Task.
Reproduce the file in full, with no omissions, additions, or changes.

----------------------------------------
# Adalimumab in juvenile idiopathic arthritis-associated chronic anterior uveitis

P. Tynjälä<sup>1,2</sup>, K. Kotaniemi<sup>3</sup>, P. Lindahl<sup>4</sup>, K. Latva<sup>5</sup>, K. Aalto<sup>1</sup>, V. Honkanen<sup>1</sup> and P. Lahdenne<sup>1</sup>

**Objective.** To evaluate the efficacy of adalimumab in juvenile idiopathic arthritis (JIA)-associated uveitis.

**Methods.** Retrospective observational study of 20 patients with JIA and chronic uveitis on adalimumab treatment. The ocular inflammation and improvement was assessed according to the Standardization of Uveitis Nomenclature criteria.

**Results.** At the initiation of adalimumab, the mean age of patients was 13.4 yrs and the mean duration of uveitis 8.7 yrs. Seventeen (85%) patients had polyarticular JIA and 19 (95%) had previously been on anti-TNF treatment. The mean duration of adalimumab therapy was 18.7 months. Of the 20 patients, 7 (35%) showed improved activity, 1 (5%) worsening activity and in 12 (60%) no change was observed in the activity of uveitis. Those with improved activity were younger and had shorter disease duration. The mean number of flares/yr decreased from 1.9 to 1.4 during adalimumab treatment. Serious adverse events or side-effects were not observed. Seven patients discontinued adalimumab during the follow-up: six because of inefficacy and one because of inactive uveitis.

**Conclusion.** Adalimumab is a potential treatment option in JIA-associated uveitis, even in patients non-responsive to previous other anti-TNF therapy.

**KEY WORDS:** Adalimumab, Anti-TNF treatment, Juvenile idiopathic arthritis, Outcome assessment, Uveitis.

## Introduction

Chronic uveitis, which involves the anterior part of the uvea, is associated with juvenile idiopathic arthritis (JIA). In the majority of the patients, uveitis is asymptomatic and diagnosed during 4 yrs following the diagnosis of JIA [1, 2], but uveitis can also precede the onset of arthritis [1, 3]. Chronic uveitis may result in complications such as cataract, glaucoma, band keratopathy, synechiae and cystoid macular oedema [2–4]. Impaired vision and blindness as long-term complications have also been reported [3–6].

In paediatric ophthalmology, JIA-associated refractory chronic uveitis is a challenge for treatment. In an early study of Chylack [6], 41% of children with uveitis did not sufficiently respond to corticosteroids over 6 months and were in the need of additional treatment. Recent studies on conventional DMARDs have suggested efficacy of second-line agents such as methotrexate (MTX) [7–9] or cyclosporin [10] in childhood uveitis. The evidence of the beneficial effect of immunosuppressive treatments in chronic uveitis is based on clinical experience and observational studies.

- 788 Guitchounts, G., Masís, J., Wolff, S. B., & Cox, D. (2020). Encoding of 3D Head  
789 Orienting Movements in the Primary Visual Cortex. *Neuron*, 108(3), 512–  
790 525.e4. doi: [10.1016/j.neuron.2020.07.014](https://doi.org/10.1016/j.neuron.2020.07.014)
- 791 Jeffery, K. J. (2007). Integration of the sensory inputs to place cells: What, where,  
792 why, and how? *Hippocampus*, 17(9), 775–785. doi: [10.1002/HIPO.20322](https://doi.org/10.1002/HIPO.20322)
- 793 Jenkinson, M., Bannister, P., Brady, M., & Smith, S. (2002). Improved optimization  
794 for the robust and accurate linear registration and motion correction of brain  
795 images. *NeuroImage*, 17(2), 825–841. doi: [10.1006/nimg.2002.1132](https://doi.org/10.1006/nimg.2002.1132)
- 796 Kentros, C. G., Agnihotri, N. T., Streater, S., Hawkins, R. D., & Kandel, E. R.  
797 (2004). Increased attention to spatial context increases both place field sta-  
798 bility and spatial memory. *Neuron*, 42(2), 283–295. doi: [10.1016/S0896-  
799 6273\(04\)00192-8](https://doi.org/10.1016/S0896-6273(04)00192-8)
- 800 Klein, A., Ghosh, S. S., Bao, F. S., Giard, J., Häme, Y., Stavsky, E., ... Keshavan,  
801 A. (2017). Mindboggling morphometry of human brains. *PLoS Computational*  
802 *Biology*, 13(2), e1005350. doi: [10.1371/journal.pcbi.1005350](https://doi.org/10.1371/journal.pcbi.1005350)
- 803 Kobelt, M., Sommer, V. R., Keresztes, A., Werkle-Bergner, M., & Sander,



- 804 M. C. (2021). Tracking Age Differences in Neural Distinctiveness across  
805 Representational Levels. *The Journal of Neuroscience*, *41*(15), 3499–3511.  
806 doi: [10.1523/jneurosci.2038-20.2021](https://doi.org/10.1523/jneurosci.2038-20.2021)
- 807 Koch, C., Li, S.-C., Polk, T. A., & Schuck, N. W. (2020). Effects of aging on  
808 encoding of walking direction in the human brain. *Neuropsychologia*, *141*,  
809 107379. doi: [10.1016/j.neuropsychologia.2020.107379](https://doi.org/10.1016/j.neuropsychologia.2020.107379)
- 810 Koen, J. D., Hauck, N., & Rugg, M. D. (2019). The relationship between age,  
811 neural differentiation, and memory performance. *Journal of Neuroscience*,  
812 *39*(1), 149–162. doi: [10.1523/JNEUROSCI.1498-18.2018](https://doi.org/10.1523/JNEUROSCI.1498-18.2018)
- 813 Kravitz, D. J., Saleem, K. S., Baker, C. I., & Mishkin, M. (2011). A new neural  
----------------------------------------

# Adalimumab in juvenile idiopathic arthritis-associated chronic anterior uveitis

P. Tynjälä<sup>1,2</sup>, K. Kotaniemi<sup>3</sup>, P. Lindahl<sup>4</sup>, K. Latva<sup>5</sup>, K. Aalto<sup>1</sup>, V. Honkanen<sup>1</sup> and P. Lahdenne<sup>1</sup>

**Objective.** To evaluate the efficacy of adalimumab in juvenile idiopathic arthritis (JIA)-associated uveitis.

**Methods.** Retrospective observational study of 20 patients with JIA and chronic uveitis on adalimumab treatment. The ocular inflammation and improvement was assessed according to the Standardization of Uveitis Nomenclature criteria.

**Results.** At the initiation of adalimumab, the mean age of patients was 13.4 yrs and the mean duration of uveitis 8.7 yrs. Seventeen (85%) patients had polyarticular JIA and 19 (95%) had previously been on anti-TNF treatment. The mean duration of adalimumab therapy was 18.7 months. Of the 20 patients, 7 (35%) showed improved activity, 1 (5%) worsening activity and in 12 (60%) no change was observed in the activity of uveitis. Those with improved activity were younger and had shorter disease duration. The mean number of flares/yr decreased from 1.9 to 1.4 during adalimumab treatment. Serious adverse events or side-effects were not observed. Seven patients discontinued adalimumab during the follow-up: six because of inefficacy and one because of inactive uveitis.

**Conclusion.** Adalimumab is a potential treatment option in JIA-associated uveitis, even in patients non-responsive to previous other anti-TNF therapy.

**KEY WORDS:** Adalimumab, Anti-TNF treatment, Juvenile idiopathic arthritis, Outcome assessment, Uveitis.

## Introduction

Chronic uveitis, which involves the anterior part of the uvea, is associated with juvenile idiopathic arthritis (JIA). In the majority of the patients, uveitis is asymptomatic and diagnosed during 4 yrs following the diagnosis of JIA [1, 2], but uveitis can also precede the onset of arthritis [1, 3]. Chronic uveitis may result in complications such as cataract, glaucoma, band keratopathy, synechiae and cystoid macular oedema [2–4]. Impaired vision and blindness as long-term complications have also been reported [3–6].

In paediatric ophthalmology, JIA-associated refractory chronic uveitis is a challenge for treatment. In an early study of Chylack [6], 41% of children with uveitis did not sufficiently respond to corticosteroids over 6 months and were in the need of additional treatment. Recent studies on conventional DMARDs have suggested efficacy of second-line agents such as methotrexate (MTX) [7–9] or cyclosporin [10] in childhood uveitis. The evidence of the beneficial effect of immunosuppressive treatments in chronic uveitis is based on clinical experience and observational studies.

- 788 Guitchounts, G., Masís, J., Wolff, S. B., & Cox, D. (2020). Encoding of 3D Head  
789 Orienting Movements in the Primary Visual Cortex. *Neuron*, 108(3), 512–  
790 525.e4. doi: [10.1016/j.neuron.2020.07.014](https://doi.org/10.1016/j.neuron.2020.07.014)
- 791 Jeffery, K. J. (2007). Integration of the sensory inputs to place cells: What, where,  
792 why, and how? *Hippocampus*, 17(9), 775–785. doi: [10.1002/HIPO.20322](https://doi.org/10.1002/HIPO.20322)
- 793 Jenkinson, M., Bannister, P., Brady, M., & Smith, S. (2002). Improved optimization  
794 for the robust and accurate linear registration and motion correction of brain  
795 images. *NeuroImage*, 17(2), 825–841. doi: [10.1006/nimg.2002.1132](https://doi.org/10.1006/nimg.2002.1132)
- 796 Kentros, C. G., Agnihotri, N. T., Streater, S., Hawkins, R. D., & Kandel, E. R.  
797 (2004). Increased attention to spatial context increases both place field sta-  
798 bility and spatial memory. *Neuron*, 42(2), 283–295. doi: [10.1016/S0896-  
799 6273\(04\)00192-8](https://doi.org/10.1016/S0896-6273(04)00192-8)
- 800 Klein, A., Ghosh, S. S., Bao, F. S., Giard, J., Häme, Y., Stavsky, E., ... Keshavan,  
801 A. (2017). Mindboggling morphometry of human brains. *PLoS Computational*  
802 *Biology*, 13(2), e1005350. doi: [10.1371/journal.pcbi.1005350](https://doi.org/10.1371/journal.pcbi.1005350)
- 803 Kobelt, M., Sommer, V. R., Keresztes, A., Werkle-Bergner, M., & Sander,



- 804 M. C. (2021). Tracking Age Differences in Neural Distinctiveness across  
805 Representational Levels. *The Journal of Neuroscience*, *41*(15), 3499–3511.  
806 doi: [10.1523/jneurosci.2038-20.2021](https://doi.org/10.1523/jneurosci.2038-20.2021)
- 807 Koch, C., Li, S.-C., Polk, T. A., & Schuck, N. W. (2020). Effects of aging on  
808 encoding of walking direction in the human brain. *Neuropsychologia*, *141*,  
809 107379. doi: [10.1016/j.neuropsychologia.2020.107379](https://doi.org/10.1016/j.neuropsychologia.2020.107379)
- 810 Koen, J. D., Hauck, N., & Rugg, M. D. (2019). The relationship between age,  
811 neural differentiation, and memory performance. *Journal of Neuroscience*,  
812 *39*(1), 149–162. doi: [10.1523/JNEUROSCI.1498-18.2018](https://doi.org/10.1523/JNEUROSCI.1498-18.2018)
- 813 Kravitz, D. J., Saleem, K. S., Baker, C. I., & Mishkin, M. (2011). A new neural  